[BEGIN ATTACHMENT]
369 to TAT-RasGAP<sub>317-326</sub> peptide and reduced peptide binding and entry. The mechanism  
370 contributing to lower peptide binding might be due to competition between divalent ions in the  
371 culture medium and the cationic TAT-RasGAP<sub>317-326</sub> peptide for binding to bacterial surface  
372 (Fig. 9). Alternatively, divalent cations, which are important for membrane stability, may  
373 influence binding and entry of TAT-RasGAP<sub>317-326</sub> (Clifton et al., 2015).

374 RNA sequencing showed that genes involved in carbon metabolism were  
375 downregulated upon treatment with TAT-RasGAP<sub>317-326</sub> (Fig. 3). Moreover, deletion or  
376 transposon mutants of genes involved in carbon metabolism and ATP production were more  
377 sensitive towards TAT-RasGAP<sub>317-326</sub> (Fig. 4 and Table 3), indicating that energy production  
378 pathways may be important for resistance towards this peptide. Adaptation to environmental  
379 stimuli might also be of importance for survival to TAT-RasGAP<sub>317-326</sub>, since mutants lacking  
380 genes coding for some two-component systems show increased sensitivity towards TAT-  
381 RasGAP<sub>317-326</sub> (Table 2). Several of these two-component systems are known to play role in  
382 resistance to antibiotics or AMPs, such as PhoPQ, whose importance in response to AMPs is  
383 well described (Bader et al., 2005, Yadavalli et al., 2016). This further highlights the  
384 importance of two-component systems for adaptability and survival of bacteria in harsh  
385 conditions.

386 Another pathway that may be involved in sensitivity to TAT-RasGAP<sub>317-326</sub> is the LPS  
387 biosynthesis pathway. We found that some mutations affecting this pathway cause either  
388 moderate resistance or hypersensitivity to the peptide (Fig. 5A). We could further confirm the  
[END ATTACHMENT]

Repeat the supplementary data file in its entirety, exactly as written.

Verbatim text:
369 to TAT-RasGAP<sub>317-326</sub> peptide and reduced peptide binding and entry. The mechanism  
370 contributing to lower peptide binding might be due to competition between divalent ions in the  
371 culture medium and the cationic TAT-RasGAP<sub>317-326</sub> peptide for binding to bacterial surface  
372 (Fig. 9). Alternatively, divalent cations, which are important for membrane stability, may  
373 influence binding and entry of TAT-RasGAP<sub>317-326</sub> (Clifton et al., 2015).

374 RNA sequencing showed that genes involved in carbon metabolism were  
375 downregulated upon treatment with TAT-RasGAP<sub>317-326</sub> (Fig. 3). Moreover, deletion or  
376 transposon mutants of genes involved in carbon metabolism and ATP production were more  
377 sensitive towards TAT-RasGAP<sub>317-326</sub> (Fig. 4 and Table 3), indicating that energy production  
378 pathways may be important for resistance towards this peptide. Adaptation to environmental  
379 stimuli might also be of importance for survival to TAT-RasGAP<sub>317-326</sub>, since mutants lacking  
380 genes coding for some two-component systems show increased sensitivity towards TAT-  
381 RasGAP<sub>317-326</sub> (Table 2). Several of these two-component systems are known to play role in  
382 resistance to antibiotics or AMPs, such as PhoPQ, whose importance in response to AMPs is  
383 well described (Bader et al., 2005, Yadavalli et al., 2016). This further highlights the  
384 importance of two-component systems for adaptability and survival of bacteria in harsh  
385 conditions.

386 Another pathway that may be involved in sensitivity to TAT-RasGAP<sub>317-326</sub> is the LPS  
387 biosynthesis pathway. We found that some mutations affecting this pathway cause either  
388 moderate resistance or hypersensitivity to the peptide (Fig. 5A). We could further confirm the  